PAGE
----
I am sick. According to my own self-pitiful view today, I’m very sick actually. Well, that’s probably not entirely true, but I’ve felt tired and lethargic lately. More than usual that is. And I’ve just found out from my blood test results that I have something called Mycoplasma: a kind of bacteria, for which my doctor has given me antibiotics after scolding me for not seeing her sooner. The good news is that it isn’t serious and that the antibiotics will take care of it. So at least in theory, I should live.
I’ve deliberately stayed away from seeing a doctor for weeks since I find so many of them are preconditioned to respond to any condition or symptoms by prescribing medicine, often antibiotics. And why wouldn’t they? After all, they make money from the medicine they sell to us and also expect most patients, people like you and me, to want them to provide an immediate solution to the problem/condition. The patient comes to the doctor with a problem and this problem is expected to be solved by the doctor; it’s an action that calls for a reaction. Otherwise, s/he is not doing his/her job properly and patients go to another doctor.
In many cases when the problem is a viral infection – commonly known as a cold – the antibiotics which are routinely prescribed by physicians are completely ineffective. Patients would actually be better off not taking them. Doctors simply shouldn’t prescribe them in a lot of cases. A simple blood test is all it takes to be certain. And for a cough or a sore throat, I’m willing to wait the 2-3 days it takes to get the results.
Aside from the financial aspect involved, it’s not really that hard to understand why the situation I’ve described has perpetuated itself. This got me thinking about the stereotypical response most agencies see their role and how they typically respond to client briefs. The similarities are strinking. Agencies do what they’re comfortable with, They do what they think the client is comfortable with and expects. [They’ll tell you otherwise though.] So they start thinking about the solution first. It’s often called Print, TV, Radio and maybe Outdoor. These are generally regarded and referred to as the omnipotent cures to all business issues. This is the problem.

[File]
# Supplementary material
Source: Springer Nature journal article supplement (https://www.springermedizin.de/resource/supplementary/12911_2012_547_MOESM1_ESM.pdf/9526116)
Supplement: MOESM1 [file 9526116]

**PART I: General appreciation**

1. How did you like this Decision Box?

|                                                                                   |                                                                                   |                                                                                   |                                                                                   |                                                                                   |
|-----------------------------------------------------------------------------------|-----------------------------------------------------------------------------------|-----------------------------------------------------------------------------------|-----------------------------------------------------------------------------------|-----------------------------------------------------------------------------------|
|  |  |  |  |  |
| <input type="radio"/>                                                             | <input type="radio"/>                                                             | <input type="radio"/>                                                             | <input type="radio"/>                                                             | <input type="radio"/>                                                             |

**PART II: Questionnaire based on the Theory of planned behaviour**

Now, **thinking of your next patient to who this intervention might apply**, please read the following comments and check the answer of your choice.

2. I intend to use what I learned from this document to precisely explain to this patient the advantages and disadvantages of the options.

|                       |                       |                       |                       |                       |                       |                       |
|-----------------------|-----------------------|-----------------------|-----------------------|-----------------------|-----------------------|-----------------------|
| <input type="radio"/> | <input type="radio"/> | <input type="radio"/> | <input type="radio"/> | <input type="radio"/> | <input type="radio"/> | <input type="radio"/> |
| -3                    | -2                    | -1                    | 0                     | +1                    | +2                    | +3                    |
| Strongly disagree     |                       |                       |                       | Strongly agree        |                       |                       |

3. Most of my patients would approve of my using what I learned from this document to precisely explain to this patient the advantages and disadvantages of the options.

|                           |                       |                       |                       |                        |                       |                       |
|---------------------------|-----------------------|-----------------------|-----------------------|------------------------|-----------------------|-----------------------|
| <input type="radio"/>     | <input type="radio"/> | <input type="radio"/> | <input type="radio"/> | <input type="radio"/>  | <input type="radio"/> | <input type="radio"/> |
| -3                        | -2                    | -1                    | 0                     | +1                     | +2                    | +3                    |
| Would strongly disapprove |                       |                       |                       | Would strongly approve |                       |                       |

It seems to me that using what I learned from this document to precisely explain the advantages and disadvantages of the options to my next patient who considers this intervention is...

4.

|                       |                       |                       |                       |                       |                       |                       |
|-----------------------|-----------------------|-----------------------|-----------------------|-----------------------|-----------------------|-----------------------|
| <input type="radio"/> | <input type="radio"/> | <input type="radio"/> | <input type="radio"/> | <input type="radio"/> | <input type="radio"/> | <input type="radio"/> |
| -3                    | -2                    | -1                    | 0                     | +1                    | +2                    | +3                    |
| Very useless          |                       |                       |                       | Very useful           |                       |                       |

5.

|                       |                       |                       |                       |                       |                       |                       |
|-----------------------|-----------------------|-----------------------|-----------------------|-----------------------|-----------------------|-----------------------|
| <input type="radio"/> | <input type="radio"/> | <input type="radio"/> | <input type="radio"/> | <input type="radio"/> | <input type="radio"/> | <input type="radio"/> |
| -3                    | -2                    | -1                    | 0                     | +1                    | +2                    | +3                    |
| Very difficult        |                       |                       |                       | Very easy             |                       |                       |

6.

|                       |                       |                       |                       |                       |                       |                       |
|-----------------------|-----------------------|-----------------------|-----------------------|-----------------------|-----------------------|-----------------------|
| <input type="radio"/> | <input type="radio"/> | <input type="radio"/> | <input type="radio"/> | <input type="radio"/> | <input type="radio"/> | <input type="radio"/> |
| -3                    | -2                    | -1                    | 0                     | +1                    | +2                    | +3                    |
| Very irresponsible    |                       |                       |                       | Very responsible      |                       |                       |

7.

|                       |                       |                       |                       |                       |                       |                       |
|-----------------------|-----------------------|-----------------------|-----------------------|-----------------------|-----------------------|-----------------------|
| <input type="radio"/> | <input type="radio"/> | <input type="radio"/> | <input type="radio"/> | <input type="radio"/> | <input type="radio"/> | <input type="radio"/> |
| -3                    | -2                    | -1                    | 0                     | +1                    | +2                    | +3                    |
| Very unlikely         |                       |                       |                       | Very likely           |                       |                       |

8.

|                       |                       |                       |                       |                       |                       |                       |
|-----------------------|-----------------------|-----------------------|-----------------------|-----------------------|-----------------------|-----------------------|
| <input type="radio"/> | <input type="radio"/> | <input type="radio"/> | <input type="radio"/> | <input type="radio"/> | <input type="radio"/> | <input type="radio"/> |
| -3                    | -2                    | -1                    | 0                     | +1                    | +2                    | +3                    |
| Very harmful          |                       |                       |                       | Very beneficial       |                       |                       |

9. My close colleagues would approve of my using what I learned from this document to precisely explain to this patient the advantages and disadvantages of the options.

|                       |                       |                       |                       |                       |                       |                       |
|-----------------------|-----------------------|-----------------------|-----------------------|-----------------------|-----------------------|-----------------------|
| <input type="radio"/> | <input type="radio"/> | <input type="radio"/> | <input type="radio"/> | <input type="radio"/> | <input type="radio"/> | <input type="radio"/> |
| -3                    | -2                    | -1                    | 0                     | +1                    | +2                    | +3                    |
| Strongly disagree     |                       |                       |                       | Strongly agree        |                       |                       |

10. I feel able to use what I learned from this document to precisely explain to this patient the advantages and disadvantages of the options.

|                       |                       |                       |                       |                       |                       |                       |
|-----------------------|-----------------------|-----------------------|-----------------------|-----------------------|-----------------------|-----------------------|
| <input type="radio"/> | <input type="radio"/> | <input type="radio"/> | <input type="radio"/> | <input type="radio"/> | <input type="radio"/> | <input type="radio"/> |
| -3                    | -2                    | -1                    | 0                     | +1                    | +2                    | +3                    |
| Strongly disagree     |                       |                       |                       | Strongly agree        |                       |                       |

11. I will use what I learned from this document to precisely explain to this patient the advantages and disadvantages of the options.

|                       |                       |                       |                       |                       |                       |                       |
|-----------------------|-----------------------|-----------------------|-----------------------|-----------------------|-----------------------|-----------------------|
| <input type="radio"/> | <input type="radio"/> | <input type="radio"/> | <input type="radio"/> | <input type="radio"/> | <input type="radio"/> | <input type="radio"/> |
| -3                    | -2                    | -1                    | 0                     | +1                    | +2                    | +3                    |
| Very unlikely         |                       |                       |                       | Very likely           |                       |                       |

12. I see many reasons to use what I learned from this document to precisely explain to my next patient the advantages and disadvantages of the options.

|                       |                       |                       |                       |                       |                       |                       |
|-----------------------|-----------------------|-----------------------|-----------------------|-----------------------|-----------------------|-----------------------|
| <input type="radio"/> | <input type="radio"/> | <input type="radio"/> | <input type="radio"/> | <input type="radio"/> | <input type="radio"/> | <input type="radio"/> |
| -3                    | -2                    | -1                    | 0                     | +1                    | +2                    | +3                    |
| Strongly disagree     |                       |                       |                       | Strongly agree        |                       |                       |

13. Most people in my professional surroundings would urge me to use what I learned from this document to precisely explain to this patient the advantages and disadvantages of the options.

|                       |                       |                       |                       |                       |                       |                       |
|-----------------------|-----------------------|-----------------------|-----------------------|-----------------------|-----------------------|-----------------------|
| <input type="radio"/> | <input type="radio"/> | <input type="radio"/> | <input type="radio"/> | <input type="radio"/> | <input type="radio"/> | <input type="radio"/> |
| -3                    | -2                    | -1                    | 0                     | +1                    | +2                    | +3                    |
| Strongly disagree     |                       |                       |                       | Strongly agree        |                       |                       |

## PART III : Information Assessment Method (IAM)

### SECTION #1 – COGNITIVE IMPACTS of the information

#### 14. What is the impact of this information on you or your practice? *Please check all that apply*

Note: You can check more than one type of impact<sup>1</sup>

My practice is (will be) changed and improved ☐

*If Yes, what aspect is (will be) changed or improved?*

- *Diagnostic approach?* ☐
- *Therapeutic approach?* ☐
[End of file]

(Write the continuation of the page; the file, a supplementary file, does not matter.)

To a man with a hammer, everything looks like a nail.
Agencies forget or choose not to take that blood test and send it off for analysis; they forget to approach briefs with purity, open minds, without preconceived ideas of what the results with show and what the solution should be. This is one of the key issues agencies have to get a grip on to stay relevant; to be able to add value to business. Getting digital fully integrated into the mix will help, but it’s not the holy grail to success. The industry needs to think beyond compartmentalised channels and disciplines. The starting point has to be to understand clients’ business problems from the viewpoint of people’s hearts and minds.
But until the industry, which is supposedly expected to understand people and how to connect with them better than any management consultancy make the effort of running those blood tests and understanding the real issues, the industry will prescribe more pills to clients without really knowing if they have any effect or not. This in itself has become a disease. When clients come to us asking for our help, we must be ready not to give them what they want or expect, but what is best for their businesses.
This sometimes means ditching those pills I’ve been on about for something seemingly odd and erratic. The only way we’re ever going to be able to do this is by breaking our own mould.
Another thing that crossed my mind earlier was how much easier life would be for us advertising people if people/clients trusted us as blindly as they trust doctors. Imagine that!